Theo Walcott continues to make a good case for himself to finally get a role through the centre of Arsenal’s attack. His well-taken goal for the Gunners away at West Ham was another impressive finish to add to the two goals against Coventry in the League Cup. But is it enough to warrant a starting role for Arsene Wenger’s side?
I’m yet to be convinced of Walcott as a leading striker for a top Premier League team. He may flourish into one in the near future, but I’m not seeing it now. Goals in the manner that he put them away are impressive, despite the opposition, but the best thing the player can do at the moment is keep his head down and continue on the same path.
The injury while on international duty will be a big blow, and it’s something we’ve seen in the past from Walcott. He’ll get himself set for a good run of scoring form only to be sidetracked by injury. It was a regular occurrence prior to last season and was arguably a big contribution to his slow development. However, even with the issue of a new contract needing to be ironed out before January, Arsene Wenger may not totally trust Walcott as his central figure in attack.
There’s no doubt that the player can come off the bench and make an impact. Champions League ties against AC Milan and Liverpool in the past are good evidence of that, but we’re not seeing the second half scoring performance against Tottenham in last season’s 5-2 win regularly enough. The first half in that game was typical Walcott. Poor first touch and no great contribution is how those first 45-minutes will be remembered. Even the recent loss to Chelsea in the league saw Walcott provide very little, and that was also from an appearance off the bench.
Quite plainly, there’s nothing about Theo’s game that suggests he’s ready for the responsibility of the team’s main striker. But I do believe he’ll become one in the future.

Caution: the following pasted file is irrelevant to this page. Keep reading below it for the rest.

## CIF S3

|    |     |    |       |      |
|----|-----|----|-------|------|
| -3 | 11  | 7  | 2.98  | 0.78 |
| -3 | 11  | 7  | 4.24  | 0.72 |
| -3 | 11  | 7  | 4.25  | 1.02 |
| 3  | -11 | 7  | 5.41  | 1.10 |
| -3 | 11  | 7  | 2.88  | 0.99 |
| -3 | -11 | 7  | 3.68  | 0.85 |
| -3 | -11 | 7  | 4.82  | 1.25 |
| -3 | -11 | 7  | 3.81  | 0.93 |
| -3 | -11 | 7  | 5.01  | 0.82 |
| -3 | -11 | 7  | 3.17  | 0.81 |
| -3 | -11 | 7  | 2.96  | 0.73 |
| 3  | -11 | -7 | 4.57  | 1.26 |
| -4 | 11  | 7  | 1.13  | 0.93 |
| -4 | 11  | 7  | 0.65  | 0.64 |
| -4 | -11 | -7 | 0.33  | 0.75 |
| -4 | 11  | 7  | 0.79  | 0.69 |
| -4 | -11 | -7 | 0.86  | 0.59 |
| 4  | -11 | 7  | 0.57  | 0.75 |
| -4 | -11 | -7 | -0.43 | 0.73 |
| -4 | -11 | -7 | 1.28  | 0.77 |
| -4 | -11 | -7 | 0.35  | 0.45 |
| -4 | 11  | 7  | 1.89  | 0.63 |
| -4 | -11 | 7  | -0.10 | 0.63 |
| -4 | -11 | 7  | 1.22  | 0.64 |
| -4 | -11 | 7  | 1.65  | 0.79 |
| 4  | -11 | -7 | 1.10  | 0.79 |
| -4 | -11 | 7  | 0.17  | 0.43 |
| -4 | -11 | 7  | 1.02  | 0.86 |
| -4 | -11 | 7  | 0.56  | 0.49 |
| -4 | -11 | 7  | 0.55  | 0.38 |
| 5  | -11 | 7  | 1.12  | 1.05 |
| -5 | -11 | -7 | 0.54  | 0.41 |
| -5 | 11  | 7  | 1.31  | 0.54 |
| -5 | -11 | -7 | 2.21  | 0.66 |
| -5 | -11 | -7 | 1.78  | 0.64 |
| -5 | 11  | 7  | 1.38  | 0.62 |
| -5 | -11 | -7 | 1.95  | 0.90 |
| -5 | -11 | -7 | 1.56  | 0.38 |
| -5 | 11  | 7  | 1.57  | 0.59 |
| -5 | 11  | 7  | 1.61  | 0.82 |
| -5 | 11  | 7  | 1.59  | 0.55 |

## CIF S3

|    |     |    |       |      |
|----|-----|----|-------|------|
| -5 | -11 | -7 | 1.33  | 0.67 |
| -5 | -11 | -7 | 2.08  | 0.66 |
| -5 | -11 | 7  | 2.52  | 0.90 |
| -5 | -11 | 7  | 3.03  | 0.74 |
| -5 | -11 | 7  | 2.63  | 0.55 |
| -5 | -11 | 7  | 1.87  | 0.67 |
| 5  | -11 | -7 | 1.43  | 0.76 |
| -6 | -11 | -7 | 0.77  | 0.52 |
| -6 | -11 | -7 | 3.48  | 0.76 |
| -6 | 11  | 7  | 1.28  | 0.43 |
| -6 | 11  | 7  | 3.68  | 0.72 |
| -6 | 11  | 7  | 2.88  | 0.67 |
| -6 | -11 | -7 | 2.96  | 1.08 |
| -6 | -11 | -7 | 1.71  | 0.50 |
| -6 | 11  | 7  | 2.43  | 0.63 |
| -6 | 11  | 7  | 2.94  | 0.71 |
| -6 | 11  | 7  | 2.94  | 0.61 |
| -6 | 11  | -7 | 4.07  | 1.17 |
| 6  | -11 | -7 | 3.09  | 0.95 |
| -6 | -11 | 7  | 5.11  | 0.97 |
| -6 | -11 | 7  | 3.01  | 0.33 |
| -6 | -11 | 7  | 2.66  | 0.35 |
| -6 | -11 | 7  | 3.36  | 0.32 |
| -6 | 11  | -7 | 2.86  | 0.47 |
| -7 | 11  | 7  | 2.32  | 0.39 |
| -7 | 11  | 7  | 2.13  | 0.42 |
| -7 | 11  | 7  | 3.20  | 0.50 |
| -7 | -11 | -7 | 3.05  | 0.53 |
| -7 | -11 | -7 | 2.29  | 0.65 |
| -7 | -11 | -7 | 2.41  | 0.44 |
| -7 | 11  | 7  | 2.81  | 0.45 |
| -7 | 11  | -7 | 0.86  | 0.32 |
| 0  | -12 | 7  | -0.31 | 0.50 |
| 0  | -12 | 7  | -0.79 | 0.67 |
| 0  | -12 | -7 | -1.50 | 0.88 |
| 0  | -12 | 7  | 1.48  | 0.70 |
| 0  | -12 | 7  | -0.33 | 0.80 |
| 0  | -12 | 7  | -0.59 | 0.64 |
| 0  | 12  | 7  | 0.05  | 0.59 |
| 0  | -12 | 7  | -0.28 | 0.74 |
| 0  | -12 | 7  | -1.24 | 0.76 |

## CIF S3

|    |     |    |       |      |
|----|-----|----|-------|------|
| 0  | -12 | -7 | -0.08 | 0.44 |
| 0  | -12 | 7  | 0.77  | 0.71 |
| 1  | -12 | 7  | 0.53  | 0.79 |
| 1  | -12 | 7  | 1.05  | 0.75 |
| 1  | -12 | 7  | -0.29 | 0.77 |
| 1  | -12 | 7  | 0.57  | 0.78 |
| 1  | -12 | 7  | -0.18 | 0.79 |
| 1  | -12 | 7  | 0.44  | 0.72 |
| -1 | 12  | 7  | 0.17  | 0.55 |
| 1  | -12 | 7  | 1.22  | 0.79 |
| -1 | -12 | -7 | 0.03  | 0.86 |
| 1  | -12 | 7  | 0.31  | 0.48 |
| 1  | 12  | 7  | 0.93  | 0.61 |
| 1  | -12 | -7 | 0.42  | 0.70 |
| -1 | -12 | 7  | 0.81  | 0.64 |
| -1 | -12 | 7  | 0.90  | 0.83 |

He’s had enough with the wide position in the right flank, and rightfully so. Walcott was never a winger, despite his pace, and he lacks the attributes of a traditional wide player to be effective. He also doesn’t have the aggression and drive that you’d like to see from a key attacking player. He seems too hesitant to take a defender on and use his pace, often dithering on the ball and eventually losing possession. However, that may just be another indication that he’s not good enough for a role in the build-up play.
This system that Arsenal want to deploy using differing attacking styles with Gervinho and Olivier Giroud may work in Walcott’s favour. What if he does start putting away all his chances from the bench? What if he doesn’t use just one or two examples and point to his readiness for a central role? A flurry of goals and consistently good performances will only leave the manager with thoughts about starting Walcott. It’s another option for Arsenal and another system that will only leave the opposition ill-prepared.
I’ve made the point in the past that Walcott can’t be used as the striker in games where the opposition defend deep and have no intention to attack. In games such as those, Walcott becomes close to useless. He doesn’t have the intelligence to get behind a packed defence, nor has he displayed an ability to hold the ball up for his team mates.
Part of the reason he’s been so good coming off the bench is because the opposition have been worn out. They’re in no state to deal with his pace in the 80th minute of a game, often allowing him to race past and advance on goal. It was the theme in which we saw him capitalise in Milan and at Anfield, and how much would West Ham’s defenders have had in the tank to deal with his attack in the recent win at Upton Park?
It’s a learning process at the top level that Walcott never had. He’s never had a run in either the Arsenal or England teams as a striker, thus making the transition a potentially problematic one. The role he has been given of late—one which surely has a lot to do with the contract situation—is one that works for both him and the team. The rest of the Arsenal players are not slowed down by his inferior technical skill, but he’s still getting goals when he finds an opportunity.
If he decides to stay at Arsenal and listen to Wenger’s advice, this could be the season where Walcott establishes himself as a successful central player rather than a frustrating and frustrated winger.